A group of eleven works reflecting on aspects of the Anthropocene, the current and probably brief geological era considered to be the destructive legacy of recent and current human activity endowed on all forms of natural life on our planet.

     The group exhibition comprising artists from Denmark and Germany and curated by Carsten Rabe (Hamburg) with Ulrik Lund (Aarhus) was the result of an open call for proposals offering perspectives on the Anthropocene for an exhibition due to be staged in Aarhus as the European City of Culture 2017, and then at three further venues, in Odder, Holsterbro and Hamburg.

     I forage for motifs without plan or purpose. Everyday stuff catches my attention, stuff that seems to be out of place or synch, or signals a rupture or shift in mood. It's like stumbling across scraps of evidence in a barely intelligible, vaguely disturbing narrative.

As I arrange the pictures into certain constellations I hear snatches of music or slight tonalities. Visual signs from extremely different places suggest clusters and force me to look more closely and listen for discreet patterns. The photographs found me in western and central France, in northern and eastern Germany, and on the island of St. Miguel in the Azores.

     In the accummulating disaster facing natural life on this planet, human or otherwise, the signals and warnings, indications and messages we have recdeived will end up like directionless shouts into the woods, returning as empty echoes. I saw the corrupted traffic sign on a deserted crossroads in a French forest. The central pole is perfectly unscratched but the key information has been twisted, crushed and erased.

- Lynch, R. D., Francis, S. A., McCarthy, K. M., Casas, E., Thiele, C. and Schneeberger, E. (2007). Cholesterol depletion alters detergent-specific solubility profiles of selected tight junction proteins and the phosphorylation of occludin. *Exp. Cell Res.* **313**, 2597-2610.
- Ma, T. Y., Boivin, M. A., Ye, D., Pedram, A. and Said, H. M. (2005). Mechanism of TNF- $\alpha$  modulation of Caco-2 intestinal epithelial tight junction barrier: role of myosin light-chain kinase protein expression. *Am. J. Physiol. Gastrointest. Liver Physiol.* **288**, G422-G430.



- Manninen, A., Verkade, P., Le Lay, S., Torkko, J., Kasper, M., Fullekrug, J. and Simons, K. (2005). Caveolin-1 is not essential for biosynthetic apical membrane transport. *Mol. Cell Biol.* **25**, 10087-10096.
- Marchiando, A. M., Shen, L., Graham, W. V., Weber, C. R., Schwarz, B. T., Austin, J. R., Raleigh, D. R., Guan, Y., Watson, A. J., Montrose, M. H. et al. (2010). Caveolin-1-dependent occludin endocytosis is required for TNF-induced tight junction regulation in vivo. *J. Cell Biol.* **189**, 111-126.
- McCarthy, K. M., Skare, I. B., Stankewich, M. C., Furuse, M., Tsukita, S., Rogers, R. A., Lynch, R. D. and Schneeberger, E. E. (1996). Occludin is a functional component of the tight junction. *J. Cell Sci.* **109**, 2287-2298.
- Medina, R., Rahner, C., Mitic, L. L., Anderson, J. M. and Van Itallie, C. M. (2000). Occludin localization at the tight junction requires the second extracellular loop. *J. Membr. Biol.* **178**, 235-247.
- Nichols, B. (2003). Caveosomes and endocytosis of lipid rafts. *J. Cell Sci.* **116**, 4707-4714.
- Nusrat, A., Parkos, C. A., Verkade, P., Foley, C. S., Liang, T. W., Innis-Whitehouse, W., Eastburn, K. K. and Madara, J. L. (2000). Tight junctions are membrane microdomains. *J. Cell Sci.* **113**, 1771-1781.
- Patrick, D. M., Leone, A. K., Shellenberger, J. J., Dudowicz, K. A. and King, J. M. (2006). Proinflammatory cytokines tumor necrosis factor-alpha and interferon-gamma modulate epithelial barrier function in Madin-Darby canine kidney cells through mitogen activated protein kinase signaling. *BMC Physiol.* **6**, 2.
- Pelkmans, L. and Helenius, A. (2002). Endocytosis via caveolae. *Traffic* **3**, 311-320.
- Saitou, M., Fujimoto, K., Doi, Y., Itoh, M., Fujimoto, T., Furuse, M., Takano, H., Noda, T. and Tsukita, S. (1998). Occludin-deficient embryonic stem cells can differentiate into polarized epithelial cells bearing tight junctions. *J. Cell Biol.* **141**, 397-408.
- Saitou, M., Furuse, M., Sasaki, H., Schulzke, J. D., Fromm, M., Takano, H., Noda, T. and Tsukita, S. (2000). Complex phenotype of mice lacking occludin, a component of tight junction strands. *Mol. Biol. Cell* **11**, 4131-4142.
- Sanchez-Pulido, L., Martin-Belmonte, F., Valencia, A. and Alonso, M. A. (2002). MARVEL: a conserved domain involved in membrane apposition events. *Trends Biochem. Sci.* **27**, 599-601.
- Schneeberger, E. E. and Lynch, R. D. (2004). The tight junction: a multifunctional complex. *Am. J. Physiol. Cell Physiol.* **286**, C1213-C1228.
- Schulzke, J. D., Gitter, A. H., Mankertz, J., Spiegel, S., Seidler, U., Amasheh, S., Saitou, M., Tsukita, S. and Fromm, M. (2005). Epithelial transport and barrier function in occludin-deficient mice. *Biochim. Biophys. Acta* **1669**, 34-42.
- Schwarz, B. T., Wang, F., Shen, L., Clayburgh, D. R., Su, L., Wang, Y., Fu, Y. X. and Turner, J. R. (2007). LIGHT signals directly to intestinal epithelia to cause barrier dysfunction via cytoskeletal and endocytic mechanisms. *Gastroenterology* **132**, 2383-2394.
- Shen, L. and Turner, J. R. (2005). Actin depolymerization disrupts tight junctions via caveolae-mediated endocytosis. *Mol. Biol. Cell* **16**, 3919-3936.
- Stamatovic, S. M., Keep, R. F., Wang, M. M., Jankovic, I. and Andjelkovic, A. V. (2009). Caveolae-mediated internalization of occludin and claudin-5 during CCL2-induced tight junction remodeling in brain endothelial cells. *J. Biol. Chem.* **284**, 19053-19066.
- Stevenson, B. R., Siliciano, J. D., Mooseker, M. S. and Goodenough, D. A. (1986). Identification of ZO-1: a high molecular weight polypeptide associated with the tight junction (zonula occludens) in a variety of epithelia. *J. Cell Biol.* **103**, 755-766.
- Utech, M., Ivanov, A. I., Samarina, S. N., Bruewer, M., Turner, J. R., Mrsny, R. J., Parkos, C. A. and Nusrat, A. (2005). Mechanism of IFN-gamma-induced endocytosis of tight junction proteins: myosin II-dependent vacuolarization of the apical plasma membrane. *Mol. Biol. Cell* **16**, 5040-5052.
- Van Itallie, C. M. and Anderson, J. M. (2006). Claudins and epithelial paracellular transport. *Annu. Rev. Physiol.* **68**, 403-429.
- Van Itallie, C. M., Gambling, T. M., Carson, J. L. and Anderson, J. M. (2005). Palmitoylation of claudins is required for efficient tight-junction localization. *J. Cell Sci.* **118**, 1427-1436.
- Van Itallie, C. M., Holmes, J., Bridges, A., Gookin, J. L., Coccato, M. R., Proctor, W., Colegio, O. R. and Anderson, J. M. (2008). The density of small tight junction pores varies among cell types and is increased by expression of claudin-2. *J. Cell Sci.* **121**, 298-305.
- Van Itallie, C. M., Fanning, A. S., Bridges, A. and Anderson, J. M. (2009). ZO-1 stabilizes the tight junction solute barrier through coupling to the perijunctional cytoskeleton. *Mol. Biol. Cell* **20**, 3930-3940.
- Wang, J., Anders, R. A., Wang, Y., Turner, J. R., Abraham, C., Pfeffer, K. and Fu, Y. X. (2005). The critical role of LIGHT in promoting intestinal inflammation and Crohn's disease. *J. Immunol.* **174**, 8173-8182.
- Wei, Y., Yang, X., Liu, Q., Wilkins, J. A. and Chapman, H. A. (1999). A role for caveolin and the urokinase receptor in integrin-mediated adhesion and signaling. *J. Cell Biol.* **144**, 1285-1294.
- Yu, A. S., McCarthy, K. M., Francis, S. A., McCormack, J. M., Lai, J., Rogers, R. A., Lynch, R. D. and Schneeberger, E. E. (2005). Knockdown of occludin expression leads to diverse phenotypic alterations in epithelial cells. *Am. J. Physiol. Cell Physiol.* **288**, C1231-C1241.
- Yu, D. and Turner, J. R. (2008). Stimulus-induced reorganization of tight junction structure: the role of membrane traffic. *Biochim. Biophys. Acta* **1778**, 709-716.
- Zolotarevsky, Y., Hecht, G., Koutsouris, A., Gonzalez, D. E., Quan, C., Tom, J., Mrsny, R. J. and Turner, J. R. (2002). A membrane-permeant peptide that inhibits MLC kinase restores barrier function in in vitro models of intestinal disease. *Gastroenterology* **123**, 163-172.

The spiral cast concrete staircase of a once hubristic hotel perched high on a mountain in the Azores now pirouettes as an elegant musical figure of death, illuminating the unnecessary waste of nature in the name of progress, vanity or just plain greed. When we are gone, natural vegetation will have devoured this displaced architectural genuflection to modernity.

     The fence at night announces a short burst of rhythm into darkness. The brutal force of recent human history lay foolish claim to a grander teleology than nature, a purposeful schedule through time where instead there is only vast emptiness.

     Hooded heralds of death wait in the shadows of a market town, intercepted in their despotic prayers; the absurdity of the Tsunami of human ambitions must also be laughed off the face of the world. Cuddly mechanical monsters, no longer inanimate, trumpet their glee as they march towards the fest of our destruction. Their shadows glide across the great clock, and someone has stupidly forgotten to note down the number of the direct line to God.

Exhibition hanging in Hamburg (left) and Aarhus.